Month: August 2010

Cosmic Utilitarianism

Disclaimer: this blog post has no relation to Serious Philosophy. It contains only the opinions of the author, and therefore is not meant to be taken as an authoritative commentary.

According to Wikipedia, which we all know is THE best source of credible information anywhere in the world, Utilitarianism is “the idea that the moral worth of an action is determined solely by its utility in providing happiness or pleasure as summed among all sentient beings. It is thus a form of consequentialism, meaning that the moral worth of an action is determined by its outcome.”

So we can see that in Serious Philosophy, the term Utilitarianism refers to morality, and, by extension, the consequences of that morality and the motives of performing any action. There are many rhetorical contortions that brainy scholars have gone into over the ages, and I have no desire (or, frankly, patience) to revisit those arguments. But I do want to borrow the term and change its orientation a little. Everything in life happens for a reason. Whether you believe in a divine persona or not, there is an underlying assumption that something beyond our control is at work in our daily lives, shaping our ends, rough-hew them how we will. People and things enter and exit our lives, and we are not always the conscious instigators of the revolving door that is variously attributed to god, to fate or to luck.

I’d like to propose that it is the forces of the universe (which I think of collectively as God, though of course everyone has different convictions and opinions on this) that conspire to work the revolving door, and the basis for entrance or exit of entities into or out of our life is the use that they have for us. While this may seem to be just another form of fatalism, it moves beyond passive acceptance of events in our lives to the reframing of those events in our minds as having taken place to serve some purpose for us. This reframing process moves us from passive receptors to active learners who seek to understand the basic utility of all events, working on the assumption that all these events have a utility for us that is shaped by cosmic forces.

A couple of examples might help. When I was in school I had a particular pen that I carried in my pencil case for every exam. I didn’t use it to write with, but made sure I always had it with me because I was convinced that it brought me luck. I have no idea how this particular perception came about. Possibly because someone I admired as academically successful had given it to me and I thought some of that intelligence would rub off on me! When I did well, I was convinced that it was because of the pen, though of course it was the confidence that possession of the pen gave me which pushed me to study hard, think clearly, and write relevantly. At some point I must have lost the pen. It didn’t happen very dramatically or anything. I just realised one day that I had written a few exams without it in my pencil case, and when I searched for it, I couldn’t find it. By then of course my confidence in my own ability had grown. I didn’t need the pen anymore. It had served its purpose in my life and moved on- maybe into a wastebasket by mistake, but that hardly matters. There are no coincidences in life and everything happens for a reason.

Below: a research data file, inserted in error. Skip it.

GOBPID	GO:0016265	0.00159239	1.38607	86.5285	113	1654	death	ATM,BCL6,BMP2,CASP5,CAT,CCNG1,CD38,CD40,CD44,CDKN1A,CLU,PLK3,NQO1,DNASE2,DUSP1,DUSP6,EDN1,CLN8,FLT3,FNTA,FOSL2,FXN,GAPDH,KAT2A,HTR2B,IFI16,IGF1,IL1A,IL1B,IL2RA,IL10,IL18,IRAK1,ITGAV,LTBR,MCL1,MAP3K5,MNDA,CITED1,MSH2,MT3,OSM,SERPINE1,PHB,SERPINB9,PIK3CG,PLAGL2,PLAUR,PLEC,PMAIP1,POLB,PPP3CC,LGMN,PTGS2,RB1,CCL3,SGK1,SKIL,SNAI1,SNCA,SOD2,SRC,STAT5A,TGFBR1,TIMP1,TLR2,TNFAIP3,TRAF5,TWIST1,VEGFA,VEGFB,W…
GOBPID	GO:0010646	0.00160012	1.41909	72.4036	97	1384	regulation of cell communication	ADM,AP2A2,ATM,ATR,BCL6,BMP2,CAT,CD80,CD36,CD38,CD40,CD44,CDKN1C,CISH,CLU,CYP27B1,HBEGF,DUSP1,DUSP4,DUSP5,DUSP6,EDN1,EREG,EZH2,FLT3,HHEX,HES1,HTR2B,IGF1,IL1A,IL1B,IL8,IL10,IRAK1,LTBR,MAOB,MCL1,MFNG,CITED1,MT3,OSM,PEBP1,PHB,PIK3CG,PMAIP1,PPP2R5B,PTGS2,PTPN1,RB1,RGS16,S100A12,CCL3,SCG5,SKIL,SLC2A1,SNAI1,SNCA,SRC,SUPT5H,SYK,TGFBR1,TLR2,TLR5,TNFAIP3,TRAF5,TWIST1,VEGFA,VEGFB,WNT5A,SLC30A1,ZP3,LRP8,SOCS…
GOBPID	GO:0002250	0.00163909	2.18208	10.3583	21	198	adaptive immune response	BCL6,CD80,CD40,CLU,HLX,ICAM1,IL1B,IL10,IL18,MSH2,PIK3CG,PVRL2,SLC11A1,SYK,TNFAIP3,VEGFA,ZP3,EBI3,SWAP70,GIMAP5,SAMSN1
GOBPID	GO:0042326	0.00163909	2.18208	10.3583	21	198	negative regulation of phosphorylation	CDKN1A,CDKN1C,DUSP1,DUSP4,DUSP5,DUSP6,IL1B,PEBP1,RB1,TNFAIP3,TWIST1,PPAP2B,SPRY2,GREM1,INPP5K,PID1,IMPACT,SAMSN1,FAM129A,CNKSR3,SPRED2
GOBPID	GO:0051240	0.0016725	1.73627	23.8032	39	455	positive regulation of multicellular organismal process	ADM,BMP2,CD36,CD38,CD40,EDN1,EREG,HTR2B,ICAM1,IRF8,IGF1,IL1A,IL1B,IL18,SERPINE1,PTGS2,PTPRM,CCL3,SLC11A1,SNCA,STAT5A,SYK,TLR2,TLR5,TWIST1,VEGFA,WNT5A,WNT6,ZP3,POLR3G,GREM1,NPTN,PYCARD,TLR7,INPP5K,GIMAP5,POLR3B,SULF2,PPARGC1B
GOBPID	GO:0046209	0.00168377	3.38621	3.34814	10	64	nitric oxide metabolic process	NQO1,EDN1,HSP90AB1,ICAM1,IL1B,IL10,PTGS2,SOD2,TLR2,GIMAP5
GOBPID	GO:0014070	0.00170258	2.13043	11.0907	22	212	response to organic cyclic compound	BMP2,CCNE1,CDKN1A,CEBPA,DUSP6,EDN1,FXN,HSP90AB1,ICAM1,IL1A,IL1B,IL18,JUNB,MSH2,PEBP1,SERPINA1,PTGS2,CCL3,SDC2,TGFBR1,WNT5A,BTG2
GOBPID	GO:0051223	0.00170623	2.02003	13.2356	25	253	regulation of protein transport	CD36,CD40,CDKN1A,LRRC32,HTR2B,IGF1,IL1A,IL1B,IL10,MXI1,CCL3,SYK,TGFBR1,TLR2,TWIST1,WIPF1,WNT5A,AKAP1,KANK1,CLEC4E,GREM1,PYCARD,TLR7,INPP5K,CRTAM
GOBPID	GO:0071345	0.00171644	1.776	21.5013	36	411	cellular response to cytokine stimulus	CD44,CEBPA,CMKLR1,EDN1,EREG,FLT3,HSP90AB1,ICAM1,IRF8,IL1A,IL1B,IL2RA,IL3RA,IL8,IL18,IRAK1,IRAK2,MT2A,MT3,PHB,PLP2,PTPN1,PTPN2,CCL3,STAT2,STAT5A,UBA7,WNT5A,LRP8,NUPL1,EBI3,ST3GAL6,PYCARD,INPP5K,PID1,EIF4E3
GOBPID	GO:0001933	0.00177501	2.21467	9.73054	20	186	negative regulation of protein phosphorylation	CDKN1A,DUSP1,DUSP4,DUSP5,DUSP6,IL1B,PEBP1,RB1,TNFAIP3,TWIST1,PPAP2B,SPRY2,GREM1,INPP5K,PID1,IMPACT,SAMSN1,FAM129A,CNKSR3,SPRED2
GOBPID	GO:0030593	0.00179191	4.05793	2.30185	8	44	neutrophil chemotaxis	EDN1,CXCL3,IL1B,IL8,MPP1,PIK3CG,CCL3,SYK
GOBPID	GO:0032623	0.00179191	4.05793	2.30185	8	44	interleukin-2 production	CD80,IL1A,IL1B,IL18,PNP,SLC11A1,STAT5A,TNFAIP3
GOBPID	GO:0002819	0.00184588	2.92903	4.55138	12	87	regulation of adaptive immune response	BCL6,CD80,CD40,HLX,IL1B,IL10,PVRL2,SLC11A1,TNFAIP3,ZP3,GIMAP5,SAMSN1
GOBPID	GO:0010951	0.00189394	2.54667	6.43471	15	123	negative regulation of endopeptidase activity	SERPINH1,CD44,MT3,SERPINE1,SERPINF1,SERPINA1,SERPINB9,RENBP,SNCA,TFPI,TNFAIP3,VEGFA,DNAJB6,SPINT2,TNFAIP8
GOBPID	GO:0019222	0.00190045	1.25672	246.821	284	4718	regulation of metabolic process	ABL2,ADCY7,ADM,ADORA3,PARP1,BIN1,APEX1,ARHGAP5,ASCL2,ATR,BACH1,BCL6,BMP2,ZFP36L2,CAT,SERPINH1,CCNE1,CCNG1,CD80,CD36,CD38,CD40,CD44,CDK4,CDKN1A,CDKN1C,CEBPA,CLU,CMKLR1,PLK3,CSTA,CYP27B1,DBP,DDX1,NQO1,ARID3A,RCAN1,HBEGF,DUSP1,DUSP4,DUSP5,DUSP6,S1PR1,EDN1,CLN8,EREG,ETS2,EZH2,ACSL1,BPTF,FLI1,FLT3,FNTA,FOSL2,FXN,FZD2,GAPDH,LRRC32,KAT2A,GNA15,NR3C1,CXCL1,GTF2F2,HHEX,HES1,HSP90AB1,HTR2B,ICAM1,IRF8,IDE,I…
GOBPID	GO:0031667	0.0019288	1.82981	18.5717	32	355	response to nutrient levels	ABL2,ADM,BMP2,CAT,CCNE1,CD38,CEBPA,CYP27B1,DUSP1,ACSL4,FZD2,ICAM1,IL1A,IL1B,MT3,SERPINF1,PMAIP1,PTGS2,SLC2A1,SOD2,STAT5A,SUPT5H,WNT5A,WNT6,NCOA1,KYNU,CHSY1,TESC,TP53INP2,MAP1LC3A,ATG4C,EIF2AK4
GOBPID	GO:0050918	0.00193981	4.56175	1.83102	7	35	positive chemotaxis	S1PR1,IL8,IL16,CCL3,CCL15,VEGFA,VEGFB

I have also had people who started out as part of my innermost circle of love and trust but then drifted away until they are today no more than passing acquaintances at best or total strangers at worst.  Of course it hurts when this happens. We become attached to the people in our lives and the partition is never easy. It makes us question them, ourselves, relationships, life, love. But this questioning process is an important one. After the anger, the denial, the grief and the acceptance comes understanding. If people come into our lives it is because we have important lessons to learn from them, and they from us. When they leave us, it is because we have each learned what we needed to. Or perhaps because it is only in the separation that the lesson can be learned. Either way the relationship is utilitarian, and the forces behind it are cosmic. For every relationship that has broken up new ones have formed. For example, each blood sister who left my life has been replaced with what I call a soul sister. We do not share parents, but we are kindred spirits, and the universe brought us together because we needed each other.

This all seems so simple as to almost qualify as a blinding flash of the obvious. That’s because it is, especially when we are talking in the abstract. But where I think articulation of the theory helps is when we need to face the events in our life with equanimity- not jumping up for joy when something/one comes into our lives, not collapsing into a sodden heap when something/one leaves our lives. I would be the first to admit that I am far from achieving this ideal state. But applying the theory of cosmic utilitarianism- in however delayed a manner after my first impulsive reactions- is at least contributing something to the learning process.

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Feminine Empowerment Coded in Ritual

Last Friday, many Hindu wives performed the Varalakshmi Puja. This is a ritual that is ostensibly supposed to be for the protection of the husband and family, and the granting of all wishes (as a side note, the well-being of the family is generally assumed to be all that the ideal Hindu wife wishes for).

The altar is elaborately decorated, multiple dishes are prepared as offerings, other married women are invited to receive symbolic gifts, the ritual itself is performed and the accompanying story is read aloud. Having played the game right, the good wife then touches her husband’s feet to get his blessings.